Thursday, July 6, 2017

NASA will crash a satellite into an asteroid

NASA will crash a satellite into an asteroid: DART-ed.jpg

NASA is one step closer to testing its proposed line of defence against the threat of a potential asteroid impact on Earth. The "kinetic impactor technique" essentially involves smashing a spacecraft into an asteroid to bounce it away from the Earth. Which sounds a lot saner than the plan hatched in Armageddon of sending oil drillers and a nuclear bomb.

Now entering its design phase, the Double Asteroid Redirection Test (DART) would be NASA's first-ever trial of the method. DART's target is a binary asteroid with two bodies known as Didymos* that will pass safely by Earth in 2022, and again in 2024. NASA's refrigerator-sized spacecraft will smash into the smaller of the two asteroids, Didymos B (160 metres in size), which is orbiting the larger Didymos A (780 metres in size). DART will hurtle into Didymos B at a speed of 3.7 miles per second -- nine times faster than a bullet -- causing it to shift its orbit.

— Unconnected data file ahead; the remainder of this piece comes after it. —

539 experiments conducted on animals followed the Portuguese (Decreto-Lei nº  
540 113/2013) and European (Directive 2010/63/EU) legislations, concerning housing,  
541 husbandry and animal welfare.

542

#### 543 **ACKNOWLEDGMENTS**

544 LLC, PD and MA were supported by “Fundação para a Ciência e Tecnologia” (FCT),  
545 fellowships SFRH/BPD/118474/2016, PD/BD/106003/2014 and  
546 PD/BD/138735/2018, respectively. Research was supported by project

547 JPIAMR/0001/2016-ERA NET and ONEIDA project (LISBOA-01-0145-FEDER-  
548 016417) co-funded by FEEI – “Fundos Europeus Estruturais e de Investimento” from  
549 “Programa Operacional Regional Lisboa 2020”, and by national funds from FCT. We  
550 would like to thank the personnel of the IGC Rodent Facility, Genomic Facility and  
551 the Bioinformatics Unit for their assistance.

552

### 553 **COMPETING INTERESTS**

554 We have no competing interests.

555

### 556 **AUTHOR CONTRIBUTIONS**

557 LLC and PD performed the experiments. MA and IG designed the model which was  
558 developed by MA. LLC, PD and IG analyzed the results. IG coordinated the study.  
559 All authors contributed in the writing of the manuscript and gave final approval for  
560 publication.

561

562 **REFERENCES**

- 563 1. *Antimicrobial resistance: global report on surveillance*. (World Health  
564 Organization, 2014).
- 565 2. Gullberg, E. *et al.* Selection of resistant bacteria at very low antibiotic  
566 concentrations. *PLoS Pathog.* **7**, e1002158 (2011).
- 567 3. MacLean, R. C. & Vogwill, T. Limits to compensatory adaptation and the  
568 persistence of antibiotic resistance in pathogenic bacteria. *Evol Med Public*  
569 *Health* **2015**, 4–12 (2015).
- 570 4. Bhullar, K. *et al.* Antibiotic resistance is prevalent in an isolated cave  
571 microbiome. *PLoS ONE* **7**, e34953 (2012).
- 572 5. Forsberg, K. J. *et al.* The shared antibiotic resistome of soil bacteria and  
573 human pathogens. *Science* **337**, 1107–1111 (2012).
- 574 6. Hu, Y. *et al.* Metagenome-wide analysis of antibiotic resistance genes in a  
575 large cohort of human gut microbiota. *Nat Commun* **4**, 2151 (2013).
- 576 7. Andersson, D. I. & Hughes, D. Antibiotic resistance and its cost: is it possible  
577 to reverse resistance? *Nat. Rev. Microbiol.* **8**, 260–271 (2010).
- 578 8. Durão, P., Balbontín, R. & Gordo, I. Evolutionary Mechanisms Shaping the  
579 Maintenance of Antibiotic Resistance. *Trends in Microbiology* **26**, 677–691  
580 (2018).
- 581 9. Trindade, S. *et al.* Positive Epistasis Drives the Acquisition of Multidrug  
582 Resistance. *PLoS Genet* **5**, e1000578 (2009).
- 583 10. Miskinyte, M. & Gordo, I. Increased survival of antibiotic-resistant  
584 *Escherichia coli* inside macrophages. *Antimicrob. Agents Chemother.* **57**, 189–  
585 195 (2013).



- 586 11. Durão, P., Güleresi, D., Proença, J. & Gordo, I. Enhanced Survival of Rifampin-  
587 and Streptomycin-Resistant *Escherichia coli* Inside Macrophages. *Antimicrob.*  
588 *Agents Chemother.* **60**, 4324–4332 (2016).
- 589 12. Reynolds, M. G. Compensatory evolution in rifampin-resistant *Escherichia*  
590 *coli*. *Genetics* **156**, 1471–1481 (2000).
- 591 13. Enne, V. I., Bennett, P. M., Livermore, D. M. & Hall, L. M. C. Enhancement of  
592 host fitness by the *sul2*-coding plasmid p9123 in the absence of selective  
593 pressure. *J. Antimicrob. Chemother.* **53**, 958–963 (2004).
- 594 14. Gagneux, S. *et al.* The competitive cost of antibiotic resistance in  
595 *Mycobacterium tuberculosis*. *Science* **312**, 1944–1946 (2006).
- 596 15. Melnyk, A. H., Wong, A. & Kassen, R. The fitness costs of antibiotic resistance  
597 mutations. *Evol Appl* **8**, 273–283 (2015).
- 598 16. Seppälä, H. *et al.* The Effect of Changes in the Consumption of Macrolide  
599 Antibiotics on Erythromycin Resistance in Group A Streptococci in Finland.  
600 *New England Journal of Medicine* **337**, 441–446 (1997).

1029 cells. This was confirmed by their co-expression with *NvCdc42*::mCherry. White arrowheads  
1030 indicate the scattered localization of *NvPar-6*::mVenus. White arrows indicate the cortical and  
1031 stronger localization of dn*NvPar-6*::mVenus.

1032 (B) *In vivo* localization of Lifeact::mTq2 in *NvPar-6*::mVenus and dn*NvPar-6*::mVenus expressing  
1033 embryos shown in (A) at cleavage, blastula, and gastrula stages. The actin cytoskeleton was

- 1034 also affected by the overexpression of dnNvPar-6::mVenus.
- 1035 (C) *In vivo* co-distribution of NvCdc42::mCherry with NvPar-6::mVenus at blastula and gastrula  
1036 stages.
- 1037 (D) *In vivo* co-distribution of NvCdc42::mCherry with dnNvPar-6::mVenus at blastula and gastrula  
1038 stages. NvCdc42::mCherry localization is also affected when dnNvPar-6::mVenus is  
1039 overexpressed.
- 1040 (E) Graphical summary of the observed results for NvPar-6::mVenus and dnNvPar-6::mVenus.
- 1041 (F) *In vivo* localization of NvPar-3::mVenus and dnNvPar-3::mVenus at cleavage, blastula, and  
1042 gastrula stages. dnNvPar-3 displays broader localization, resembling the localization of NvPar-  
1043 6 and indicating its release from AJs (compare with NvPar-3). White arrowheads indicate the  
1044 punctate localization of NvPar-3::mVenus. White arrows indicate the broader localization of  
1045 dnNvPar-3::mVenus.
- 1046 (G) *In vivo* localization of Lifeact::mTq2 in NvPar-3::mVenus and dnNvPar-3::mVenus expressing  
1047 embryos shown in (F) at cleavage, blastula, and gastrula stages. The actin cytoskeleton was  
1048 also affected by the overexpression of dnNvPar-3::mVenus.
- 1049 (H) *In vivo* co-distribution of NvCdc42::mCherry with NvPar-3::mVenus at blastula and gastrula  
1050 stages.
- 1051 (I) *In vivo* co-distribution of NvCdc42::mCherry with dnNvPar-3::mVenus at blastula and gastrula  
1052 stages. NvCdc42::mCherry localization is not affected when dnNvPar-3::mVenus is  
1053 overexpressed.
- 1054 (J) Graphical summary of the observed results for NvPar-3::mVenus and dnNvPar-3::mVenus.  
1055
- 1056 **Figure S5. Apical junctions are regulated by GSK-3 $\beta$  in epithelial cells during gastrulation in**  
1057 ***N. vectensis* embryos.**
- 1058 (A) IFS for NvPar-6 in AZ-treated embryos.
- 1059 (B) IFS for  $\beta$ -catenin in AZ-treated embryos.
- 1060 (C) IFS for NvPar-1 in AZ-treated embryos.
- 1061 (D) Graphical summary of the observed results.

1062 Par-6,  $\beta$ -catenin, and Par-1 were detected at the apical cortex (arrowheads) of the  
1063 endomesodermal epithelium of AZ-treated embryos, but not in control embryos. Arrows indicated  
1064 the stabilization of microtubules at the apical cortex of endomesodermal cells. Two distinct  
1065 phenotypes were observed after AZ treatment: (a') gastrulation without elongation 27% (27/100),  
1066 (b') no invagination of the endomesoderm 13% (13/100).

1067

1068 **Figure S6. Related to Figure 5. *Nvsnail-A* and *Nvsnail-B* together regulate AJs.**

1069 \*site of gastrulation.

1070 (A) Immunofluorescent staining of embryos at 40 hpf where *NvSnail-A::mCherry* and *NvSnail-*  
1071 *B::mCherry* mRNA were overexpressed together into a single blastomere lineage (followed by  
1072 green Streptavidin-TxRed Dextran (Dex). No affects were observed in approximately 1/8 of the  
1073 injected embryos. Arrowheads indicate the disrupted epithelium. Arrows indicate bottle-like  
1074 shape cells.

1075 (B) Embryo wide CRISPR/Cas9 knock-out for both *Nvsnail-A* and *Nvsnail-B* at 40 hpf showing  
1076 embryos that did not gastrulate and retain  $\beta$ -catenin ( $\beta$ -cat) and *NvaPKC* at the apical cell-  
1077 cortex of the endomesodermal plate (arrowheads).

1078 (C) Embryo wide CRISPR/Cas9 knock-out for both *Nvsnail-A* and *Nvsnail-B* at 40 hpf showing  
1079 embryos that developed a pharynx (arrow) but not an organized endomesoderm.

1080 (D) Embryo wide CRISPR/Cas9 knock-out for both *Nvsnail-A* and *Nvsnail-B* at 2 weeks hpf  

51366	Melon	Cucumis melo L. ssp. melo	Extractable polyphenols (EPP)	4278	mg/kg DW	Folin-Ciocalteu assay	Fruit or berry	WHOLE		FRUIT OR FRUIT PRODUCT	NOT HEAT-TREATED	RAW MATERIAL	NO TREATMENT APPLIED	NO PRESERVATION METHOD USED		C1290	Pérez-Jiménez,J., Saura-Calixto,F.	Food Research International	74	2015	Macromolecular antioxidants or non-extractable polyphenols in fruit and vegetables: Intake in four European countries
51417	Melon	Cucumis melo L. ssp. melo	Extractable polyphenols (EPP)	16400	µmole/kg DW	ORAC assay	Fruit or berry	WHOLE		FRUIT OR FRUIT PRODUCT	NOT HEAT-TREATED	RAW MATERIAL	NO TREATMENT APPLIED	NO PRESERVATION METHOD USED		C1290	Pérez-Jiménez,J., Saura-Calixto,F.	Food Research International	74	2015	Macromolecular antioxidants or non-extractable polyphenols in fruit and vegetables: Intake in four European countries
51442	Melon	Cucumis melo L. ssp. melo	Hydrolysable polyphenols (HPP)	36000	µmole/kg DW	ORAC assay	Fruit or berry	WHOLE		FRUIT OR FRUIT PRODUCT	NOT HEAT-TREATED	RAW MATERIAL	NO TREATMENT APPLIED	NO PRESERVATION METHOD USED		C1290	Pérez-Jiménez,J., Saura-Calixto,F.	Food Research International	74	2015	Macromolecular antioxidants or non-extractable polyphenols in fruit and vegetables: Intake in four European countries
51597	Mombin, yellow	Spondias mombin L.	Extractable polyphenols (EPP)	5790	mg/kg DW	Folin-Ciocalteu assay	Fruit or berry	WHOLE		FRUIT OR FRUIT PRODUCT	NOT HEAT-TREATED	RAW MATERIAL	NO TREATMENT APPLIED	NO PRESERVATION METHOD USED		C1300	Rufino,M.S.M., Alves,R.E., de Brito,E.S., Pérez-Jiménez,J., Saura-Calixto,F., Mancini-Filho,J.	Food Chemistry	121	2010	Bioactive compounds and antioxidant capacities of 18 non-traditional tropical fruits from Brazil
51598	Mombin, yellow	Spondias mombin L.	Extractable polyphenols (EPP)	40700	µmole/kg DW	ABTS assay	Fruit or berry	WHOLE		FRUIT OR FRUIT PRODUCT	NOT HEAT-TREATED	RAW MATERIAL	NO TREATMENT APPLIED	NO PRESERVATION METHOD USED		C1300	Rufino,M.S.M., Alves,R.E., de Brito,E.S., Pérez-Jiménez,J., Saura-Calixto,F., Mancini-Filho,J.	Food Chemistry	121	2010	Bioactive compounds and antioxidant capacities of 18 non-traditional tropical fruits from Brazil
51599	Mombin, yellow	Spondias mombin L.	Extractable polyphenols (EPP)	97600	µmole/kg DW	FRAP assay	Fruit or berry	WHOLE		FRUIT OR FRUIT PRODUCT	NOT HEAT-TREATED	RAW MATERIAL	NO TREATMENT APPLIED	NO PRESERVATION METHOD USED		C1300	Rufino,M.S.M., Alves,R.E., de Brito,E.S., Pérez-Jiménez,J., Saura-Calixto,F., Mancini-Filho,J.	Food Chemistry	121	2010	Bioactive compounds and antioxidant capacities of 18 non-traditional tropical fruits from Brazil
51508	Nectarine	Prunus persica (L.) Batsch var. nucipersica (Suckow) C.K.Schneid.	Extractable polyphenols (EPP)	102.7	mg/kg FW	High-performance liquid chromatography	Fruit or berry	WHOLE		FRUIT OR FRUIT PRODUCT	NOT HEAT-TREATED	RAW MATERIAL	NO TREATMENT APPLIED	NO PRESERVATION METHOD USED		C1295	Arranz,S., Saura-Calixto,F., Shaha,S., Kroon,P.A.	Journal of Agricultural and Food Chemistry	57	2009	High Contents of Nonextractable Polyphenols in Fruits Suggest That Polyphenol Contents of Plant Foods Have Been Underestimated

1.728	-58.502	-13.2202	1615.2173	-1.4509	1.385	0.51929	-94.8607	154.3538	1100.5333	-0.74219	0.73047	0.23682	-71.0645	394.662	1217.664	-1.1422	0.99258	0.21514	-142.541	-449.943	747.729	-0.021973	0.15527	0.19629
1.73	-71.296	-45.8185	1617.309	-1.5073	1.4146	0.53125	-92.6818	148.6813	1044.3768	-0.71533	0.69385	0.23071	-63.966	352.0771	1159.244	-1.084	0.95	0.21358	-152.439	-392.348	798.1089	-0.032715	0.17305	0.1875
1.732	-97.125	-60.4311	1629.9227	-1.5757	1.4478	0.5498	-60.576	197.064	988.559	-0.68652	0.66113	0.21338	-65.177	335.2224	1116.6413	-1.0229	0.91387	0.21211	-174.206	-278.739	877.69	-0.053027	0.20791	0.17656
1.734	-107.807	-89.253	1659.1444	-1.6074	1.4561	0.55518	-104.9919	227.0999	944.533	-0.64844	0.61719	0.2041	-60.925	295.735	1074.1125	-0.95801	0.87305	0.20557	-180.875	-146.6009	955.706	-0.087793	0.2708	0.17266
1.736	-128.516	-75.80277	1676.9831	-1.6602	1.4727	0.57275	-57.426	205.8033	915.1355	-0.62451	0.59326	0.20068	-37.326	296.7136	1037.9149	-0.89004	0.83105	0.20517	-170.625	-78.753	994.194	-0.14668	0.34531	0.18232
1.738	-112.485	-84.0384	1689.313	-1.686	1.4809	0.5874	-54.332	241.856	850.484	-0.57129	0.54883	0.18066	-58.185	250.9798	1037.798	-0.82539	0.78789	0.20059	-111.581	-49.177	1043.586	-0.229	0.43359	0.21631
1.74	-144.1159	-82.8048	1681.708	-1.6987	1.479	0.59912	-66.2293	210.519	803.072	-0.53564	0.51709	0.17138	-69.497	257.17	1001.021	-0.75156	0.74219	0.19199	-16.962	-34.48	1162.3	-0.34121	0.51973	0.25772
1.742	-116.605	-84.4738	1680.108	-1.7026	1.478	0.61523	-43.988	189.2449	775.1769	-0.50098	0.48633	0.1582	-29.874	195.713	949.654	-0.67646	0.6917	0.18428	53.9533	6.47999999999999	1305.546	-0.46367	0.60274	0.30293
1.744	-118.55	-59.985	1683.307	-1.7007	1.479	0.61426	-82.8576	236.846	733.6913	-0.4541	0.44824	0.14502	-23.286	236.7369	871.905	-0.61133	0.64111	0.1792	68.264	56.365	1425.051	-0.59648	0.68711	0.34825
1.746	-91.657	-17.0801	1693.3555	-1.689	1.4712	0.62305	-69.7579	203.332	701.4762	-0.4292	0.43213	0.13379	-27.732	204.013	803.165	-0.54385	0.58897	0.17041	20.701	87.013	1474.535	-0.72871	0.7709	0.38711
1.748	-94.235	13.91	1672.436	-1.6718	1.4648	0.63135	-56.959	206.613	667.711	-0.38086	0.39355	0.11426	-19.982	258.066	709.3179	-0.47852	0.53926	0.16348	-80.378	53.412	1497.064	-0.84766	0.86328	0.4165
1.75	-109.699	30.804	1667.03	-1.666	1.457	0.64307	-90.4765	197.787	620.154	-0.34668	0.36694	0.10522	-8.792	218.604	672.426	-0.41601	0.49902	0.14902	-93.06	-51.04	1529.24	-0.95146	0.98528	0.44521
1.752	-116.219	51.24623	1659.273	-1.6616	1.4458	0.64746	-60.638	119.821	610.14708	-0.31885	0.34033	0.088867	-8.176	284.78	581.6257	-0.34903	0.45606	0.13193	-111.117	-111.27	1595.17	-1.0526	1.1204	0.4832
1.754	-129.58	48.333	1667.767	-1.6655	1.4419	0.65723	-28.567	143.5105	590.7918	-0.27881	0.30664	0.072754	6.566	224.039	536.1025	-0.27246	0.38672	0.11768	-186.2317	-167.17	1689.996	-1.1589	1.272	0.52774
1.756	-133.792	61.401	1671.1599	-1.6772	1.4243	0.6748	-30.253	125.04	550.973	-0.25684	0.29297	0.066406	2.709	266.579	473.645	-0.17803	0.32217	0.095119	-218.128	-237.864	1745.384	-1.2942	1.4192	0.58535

"A binary asteroid is the perfect natural laboratory for this test," said Tom Statler, program scientist for DART at NASA. "The fact that Didymos B is in orbit around Didymos A makes it easier to see the results of the impact, and ensures that the experiment doesn't change the orbit of the pair around the sun."

Small asteroids strike the Earth almost daily, but the majority remain harmless, breaking up in the upper atmosphere. Just last month, NASA held "Asteroid Day," its annual event to encourage the public to learn more about about both non-threatening and threatening space rocks. The festivities took place on June 30 to mark the anniversary of the Tunguska incident, which saw a 122-metre wide asteroid wipe out over 770 square miles of remote Russian forest near the Stony Tunguska River in Siberia. The explosion remains the most powerful in documented history, producing 185 times more energy than the Hiroshima atomic bomb.

NASA has already located 93 percent of objects big enough to cause global impacts. And, thanks to DART, it may soon have a planetary defence mechanism that can actually prevent them from wiping us out.

*Greek for "twin."

Via: Gizmodo

Source: NASA

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